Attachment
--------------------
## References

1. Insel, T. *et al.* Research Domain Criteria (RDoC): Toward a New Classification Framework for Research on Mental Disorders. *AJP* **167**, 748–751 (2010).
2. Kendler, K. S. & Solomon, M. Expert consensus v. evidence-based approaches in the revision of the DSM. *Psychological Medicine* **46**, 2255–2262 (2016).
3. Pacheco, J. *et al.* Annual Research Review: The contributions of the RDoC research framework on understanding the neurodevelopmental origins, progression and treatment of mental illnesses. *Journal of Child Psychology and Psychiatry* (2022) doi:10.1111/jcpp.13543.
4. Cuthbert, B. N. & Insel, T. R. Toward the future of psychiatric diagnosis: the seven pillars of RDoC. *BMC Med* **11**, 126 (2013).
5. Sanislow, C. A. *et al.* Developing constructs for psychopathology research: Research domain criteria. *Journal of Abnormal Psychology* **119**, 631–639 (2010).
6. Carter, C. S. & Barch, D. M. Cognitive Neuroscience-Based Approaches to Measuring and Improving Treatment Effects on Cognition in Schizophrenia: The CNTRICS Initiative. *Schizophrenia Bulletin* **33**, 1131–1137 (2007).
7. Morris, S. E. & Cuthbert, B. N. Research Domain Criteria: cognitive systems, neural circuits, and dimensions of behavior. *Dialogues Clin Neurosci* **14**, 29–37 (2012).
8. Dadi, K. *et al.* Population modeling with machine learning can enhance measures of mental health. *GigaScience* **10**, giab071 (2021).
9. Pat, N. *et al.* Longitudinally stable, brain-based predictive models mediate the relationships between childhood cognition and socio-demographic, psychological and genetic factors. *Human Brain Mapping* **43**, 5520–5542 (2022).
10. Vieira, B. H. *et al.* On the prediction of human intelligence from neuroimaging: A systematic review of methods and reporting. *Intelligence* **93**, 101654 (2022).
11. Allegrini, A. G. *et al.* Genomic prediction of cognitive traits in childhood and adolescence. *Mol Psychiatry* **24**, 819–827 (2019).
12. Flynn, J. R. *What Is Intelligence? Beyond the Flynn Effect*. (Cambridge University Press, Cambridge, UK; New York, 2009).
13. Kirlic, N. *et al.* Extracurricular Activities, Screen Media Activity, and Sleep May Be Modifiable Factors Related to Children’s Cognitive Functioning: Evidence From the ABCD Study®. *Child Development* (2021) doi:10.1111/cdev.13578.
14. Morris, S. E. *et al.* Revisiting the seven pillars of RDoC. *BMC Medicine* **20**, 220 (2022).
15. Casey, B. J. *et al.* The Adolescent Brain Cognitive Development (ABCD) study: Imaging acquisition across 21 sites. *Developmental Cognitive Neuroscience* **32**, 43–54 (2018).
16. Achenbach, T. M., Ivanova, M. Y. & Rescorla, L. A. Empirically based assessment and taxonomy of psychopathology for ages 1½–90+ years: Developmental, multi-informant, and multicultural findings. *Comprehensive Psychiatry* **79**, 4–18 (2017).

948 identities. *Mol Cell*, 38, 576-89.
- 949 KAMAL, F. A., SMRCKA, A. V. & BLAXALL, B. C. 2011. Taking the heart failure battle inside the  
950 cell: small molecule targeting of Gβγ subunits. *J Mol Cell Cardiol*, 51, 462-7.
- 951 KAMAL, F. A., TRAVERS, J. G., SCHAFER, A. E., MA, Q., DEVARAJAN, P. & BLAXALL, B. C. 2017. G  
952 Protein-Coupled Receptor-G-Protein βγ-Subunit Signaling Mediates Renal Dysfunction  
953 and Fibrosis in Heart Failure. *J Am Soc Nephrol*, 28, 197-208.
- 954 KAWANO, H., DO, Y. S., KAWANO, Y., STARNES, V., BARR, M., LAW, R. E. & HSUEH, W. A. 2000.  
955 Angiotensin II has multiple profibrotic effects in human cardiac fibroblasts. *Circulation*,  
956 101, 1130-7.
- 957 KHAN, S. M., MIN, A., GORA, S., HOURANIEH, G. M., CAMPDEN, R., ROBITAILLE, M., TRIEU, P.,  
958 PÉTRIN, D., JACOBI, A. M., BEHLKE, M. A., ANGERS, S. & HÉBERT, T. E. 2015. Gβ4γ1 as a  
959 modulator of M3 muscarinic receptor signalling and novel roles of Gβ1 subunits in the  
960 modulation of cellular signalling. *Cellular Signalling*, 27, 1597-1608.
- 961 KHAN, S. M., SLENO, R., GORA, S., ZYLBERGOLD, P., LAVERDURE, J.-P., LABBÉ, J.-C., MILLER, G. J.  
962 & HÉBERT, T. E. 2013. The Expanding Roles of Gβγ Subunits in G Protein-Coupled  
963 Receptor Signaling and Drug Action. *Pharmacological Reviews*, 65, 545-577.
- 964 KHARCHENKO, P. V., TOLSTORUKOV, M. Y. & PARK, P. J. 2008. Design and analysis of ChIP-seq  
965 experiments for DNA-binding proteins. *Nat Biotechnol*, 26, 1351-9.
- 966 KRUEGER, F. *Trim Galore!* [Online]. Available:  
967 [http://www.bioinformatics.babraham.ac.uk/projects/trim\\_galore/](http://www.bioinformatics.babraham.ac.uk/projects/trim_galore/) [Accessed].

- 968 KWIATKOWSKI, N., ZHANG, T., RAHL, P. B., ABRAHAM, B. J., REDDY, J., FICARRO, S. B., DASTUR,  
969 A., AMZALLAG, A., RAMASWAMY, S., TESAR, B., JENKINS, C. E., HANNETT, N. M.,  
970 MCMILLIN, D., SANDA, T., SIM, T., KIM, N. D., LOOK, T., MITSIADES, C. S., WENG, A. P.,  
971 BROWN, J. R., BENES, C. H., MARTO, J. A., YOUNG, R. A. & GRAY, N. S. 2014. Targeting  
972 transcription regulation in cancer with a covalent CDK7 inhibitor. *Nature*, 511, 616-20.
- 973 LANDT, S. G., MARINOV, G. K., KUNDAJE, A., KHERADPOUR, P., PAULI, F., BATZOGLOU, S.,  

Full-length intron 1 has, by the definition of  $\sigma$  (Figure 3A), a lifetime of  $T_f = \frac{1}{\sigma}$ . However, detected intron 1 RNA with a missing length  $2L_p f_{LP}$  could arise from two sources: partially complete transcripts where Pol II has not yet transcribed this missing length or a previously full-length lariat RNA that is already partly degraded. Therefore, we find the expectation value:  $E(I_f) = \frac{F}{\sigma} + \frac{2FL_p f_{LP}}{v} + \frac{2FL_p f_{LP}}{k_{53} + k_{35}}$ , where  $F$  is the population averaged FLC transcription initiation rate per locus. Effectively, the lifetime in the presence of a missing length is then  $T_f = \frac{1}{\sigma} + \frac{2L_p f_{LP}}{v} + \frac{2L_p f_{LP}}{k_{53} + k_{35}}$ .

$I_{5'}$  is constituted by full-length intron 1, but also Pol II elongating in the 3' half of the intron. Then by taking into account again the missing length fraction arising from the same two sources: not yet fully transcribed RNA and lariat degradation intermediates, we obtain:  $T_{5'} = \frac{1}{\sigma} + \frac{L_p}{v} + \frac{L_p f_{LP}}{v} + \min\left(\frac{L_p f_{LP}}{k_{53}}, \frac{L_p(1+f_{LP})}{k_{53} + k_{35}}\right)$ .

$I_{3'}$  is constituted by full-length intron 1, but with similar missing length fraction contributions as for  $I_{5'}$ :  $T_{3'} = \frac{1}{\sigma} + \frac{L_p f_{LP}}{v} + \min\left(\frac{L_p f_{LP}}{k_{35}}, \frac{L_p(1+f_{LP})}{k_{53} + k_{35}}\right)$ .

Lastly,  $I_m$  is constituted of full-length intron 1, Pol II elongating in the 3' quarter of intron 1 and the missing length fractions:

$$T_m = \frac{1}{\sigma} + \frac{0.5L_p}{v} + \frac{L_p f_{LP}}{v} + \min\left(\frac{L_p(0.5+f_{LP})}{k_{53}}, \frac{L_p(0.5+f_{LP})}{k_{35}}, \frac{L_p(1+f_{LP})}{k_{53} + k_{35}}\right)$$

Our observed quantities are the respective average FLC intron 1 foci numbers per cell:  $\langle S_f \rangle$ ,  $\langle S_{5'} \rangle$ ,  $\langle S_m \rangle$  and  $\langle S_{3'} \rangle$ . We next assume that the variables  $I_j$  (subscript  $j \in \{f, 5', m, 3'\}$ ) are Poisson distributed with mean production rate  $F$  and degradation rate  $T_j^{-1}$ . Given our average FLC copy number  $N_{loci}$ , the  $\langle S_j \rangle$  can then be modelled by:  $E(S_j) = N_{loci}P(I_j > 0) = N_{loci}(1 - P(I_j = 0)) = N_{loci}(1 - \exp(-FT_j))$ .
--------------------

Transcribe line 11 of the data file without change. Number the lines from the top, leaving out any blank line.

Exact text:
10. Vieira, B. H. *et al.* On the prediction of human intelligence from neuroimaging: A systematic review of methods and reporting. *Intelligence* **93**, 101654 (2022).